The amendment the House adopted Friday put the tax exemption back in place, but with a sunset provision. Rodrigues took a shot at the Senate, saying he thought the cost of the tax exemption would be shared across the both chambers, but it “appears the Senate has spent all of the money on member projects.”

Legislative inaction now leaves the fate of implementation in the hands of the Department of Health. Under the constitutional amendment, the department has until July to put rules in places.

Senate President Joe Negron said it would have been preferable for the Legislature to act.

“This is an industry that will grow, based on what we see happening in other states,” he said. “I would expect that you will regularly see that issue addressed. And I would expect that the next legislative session will be no exception.”

Bradley said he expects the issue will “be a hot topic when we return and do our business next year.”

“We’ll get there. If we’ve learned anything about these constitutional amendments, whether the Legislature acts or not is irrelevant,” he said. “There will be court challenges, because people will not like what we did when we act, and they won’t like our inaction either. So I would expect court challenges no matter what we did.”

__ Staff writer Michael Moline contributed to this.

Senate advances voucher expansion bill, goes to House for final vote

Florida senators, including some reluctant Democrats, voted to expanded two of Florida’s de facto education voucher programs that aid low-income students and those with disabilities.

The Tampa Bay Times reports HB 15 passed 27-11 Friday morning, on a vote where four Democrats joined Republicans. The bill returns to the House this afternoon for final approval of the Senate language before it reaches Gov. Rick Scott‘s desk.

The bill’s passage represents another victory for House Speaker Richard Corcoran, who made the Florida Tax Credit Scholarship a priority in 2017. The scholarship, designed to help low-income, mostly minority students obtain private school scholarships, gives dollar-for-dollar tax breaks to businesses that donate to the program.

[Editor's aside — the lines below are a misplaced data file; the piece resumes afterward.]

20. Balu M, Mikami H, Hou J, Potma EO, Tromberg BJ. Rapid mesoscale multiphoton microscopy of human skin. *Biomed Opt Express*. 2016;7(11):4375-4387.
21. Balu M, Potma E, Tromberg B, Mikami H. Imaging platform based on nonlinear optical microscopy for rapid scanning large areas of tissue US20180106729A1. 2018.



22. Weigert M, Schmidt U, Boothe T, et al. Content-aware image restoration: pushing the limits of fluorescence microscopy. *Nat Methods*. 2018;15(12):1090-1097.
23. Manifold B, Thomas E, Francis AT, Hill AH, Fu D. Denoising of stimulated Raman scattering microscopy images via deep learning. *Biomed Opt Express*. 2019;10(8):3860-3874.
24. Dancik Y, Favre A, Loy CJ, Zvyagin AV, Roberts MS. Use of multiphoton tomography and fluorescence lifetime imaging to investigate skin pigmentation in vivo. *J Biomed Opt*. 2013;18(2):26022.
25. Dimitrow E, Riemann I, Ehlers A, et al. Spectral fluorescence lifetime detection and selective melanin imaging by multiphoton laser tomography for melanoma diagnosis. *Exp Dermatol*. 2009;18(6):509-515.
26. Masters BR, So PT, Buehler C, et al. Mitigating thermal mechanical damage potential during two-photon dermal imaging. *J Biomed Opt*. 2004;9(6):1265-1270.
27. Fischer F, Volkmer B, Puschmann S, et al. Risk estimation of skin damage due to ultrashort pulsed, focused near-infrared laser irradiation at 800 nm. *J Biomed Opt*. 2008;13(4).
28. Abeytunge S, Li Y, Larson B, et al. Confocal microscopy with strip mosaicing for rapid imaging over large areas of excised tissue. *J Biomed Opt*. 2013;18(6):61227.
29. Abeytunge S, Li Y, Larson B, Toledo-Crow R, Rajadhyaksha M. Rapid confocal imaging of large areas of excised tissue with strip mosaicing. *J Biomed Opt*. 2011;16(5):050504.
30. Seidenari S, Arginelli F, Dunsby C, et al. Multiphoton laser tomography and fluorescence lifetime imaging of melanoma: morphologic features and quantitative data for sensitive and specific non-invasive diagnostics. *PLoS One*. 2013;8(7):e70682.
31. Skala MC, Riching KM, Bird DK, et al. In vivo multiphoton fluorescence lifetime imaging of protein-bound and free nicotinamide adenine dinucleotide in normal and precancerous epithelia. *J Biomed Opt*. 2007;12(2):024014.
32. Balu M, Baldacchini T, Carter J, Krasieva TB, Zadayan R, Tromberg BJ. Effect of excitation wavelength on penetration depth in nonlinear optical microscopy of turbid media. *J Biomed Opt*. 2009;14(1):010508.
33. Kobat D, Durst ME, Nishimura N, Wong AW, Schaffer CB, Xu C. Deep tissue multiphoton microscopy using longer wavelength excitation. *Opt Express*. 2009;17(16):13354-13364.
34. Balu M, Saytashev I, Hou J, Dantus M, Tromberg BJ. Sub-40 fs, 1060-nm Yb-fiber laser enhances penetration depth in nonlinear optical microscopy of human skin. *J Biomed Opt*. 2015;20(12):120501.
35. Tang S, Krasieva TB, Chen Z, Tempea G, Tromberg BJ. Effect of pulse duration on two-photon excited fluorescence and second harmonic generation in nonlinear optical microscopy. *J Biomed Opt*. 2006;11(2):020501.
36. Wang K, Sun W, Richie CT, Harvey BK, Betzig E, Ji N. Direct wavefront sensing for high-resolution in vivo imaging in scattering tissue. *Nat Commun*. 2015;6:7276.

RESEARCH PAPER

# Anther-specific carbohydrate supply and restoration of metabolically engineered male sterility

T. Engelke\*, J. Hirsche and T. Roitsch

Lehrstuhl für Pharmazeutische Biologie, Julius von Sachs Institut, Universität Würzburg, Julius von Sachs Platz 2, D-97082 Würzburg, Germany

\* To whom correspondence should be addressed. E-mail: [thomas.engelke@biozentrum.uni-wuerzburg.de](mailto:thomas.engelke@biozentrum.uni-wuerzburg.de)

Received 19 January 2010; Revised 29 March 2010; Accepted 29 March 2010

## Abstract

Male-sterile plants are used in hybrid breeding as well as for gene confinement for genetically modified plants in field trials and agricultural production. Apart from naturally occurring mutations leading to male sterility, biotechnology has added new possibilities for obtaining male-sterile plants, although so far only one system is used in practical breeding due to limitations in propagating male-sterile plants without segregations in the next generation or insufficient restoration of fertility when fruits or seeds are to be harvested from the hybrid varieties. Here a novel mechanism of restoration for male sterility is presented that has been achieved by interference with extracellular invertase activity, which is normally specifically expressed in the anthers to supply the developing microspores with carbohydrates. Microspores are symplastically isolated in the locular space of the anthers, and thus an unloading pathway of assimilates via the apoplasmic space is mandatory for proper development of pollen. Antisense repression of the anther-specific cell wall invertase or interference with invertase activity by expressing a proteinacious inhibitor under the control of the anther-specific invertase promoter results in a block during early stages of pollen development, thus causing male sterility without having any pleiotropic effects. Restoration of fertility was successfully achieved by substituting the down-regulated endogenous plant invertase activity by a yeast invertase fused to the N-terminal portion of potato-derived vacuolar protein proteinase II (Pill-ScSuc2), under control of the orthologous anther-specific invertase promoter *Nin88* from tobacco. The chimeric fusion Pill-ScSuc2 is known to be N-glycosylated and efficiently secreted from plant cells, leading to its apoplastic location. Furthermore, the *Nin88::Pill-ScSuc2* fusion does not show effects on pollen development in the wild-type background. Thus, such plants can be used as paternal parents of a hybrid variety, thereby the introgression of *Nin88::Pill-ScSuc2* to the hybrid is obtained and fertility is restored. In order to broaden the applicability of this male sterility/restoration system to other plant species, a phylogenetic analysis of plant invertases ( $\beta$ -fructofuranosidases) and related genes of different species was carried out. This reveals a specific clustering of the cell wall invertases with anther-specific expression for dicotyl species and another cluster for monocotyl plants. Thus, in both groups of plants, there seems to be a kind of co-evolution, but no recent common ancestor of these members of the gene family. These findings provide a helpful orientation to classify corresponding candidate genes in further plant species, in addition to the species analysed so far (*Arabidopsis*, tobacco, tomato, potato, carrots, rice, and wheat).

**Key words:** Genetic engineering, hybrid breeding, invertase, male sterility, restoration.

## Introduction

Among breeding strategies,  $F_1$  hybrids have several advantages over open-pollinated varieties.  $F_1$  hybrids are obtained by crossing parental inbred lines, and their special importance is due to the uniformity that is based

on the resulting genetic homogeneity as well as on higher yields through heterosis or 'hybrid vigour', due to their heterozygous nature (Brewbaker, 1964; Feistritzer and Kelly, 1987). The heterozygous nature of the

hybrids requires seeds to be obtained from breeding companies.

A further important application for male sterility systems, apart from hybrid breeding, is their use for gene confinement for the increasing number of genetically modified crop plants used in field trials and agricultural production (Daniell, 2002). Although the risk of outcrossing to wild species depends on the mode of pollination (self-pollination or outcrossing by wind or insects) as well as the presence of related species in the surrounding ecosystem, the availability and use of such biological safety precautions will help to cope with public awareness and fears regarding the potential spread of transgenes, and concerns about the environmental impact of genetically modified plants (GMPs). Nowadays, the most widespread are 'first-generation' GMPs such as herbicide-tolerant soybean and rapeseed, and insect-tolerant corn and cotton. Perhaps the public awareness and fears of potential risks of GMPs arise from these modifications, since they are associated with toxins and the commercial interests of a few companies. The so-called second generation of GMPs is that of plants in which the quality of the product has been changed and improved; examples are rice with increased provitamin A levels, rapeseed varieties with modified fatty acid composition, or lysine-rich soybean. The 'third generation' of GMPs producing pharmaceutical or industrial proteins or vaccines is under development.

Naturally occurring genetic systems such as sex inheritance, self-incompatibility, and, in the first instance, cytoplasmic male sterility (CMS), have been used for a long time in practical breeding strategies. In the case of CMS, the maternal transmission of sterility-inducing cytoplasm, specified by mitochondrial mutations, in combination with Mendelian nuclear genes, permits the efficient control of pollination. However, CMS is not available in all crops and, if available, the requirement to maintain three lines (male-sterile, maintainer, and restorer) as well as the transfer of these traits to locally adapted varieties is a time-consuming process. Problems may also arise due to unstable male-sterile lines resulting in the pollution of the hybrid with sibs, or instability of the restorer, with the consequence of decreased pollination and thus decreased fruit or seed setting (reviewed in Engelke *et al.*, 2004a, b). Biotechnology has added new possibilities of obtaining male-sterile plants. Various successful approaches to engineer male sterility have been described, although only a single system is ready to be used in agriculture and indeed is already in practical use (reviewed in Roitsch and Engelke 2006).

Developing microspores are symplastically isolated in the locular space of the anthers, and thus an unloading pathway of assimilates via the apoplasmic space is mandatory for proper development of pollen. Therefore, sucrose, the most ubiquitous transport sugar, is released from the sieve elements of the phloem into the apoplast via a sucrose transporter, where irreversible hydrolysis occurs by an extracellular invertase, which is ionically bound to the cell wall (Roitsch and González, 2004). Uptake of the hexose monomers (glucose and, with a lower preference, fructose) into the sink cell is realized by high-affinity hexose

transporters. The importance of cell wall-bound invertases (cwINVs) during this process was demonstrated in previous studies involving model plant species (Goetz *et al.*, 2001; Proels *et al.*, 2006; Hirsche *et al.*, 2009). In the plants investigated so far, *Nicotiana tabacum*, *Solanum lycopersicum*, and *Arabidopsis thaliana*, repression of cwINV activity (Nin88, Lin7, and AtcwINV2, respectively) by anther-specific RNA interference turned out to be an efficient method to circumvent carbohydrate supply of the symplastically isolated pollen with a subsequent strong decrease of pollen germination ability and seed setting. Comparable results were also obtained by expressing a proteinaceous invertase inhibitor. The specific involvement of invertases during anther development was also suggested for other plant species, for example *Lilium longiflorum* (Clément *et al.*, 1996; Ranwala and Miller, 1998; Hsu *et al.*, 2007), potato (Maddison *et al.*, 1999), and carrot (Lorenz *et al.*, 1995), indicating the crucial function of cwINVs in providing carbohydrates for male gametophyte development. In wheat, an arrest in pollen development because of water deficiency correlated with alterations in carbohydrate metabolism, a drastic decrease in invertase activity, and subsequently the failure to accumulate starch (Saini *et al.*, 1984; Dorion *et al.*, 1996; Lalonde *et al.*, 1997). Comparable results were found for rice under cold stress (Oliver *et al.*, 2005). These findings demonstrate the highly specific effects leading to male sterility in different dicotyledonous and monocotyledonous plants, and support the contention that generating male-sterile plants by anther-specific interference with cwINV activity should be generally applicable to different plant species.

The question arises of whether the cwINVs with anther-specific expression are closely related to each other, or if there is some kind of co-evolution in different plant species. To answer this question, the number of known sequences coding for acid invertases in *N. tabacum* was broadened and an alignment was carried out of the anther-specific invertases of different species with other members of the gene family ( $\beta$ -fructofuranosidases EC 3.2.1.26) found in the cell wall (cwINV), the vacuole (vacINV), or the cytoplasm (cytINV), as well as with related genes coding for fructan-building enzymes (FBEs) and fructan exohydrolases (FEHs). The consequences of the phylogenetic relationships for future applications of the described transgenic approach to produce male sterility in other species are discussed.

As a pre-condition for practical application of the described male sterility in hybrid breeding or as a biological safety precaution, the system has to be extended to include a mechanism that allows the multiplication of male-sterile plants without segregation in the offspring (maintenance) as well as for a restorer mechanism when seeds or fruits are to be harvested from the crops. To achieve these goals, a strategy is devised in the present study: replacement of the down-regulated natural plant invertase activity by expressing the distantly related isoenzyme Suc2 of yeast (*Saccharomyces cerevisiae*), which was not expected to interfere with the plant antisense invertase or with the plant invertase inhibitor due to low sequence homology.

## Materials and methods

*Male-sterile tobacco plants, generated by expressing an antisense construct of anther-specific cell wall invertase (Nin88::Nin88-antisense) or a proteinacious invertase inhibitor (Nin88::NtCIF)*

HB 15 raises the award amounts, allowing students in the program to advance to higher-priced private high schools.

Those Democratic senators signing onto the bill were hesitant about “diverting” more money to tax credits — which could instead go to public schools — but also did not want to vote against the Gardiner Scholarship, a program helping children with disabilities. Since both programs were put in a single bill, linking the Gardiner Scholarship to tax-credit awards, lawmakers were forced to vote on both at once.

“The Gardiner Scholarship program is a fantastic program, so I want desperately to be able to support this bill because of those provisions,” Lake Worth Democratic Sen. Jeff Clemens told the Times. “But I am philosophically opposed to corporate tax vouchers and diverting money away from our general funds, which could be used to improve our public-school system.”

Supporters of HB 15, like Tampa Republican Sen. Dana Young, defend tax credit scholarships as helping children “who have no hope without it.”

Democrats breaking with the caucus to approve HB 15 include Daphne Campbell of Miami Shores, Bill Montford of Tallahassee, Darryl Rouson of St. Petersburg and Linda Stewart of Orlando.

 

Senate approves amended medical marijuana bill, sends back to House for final vote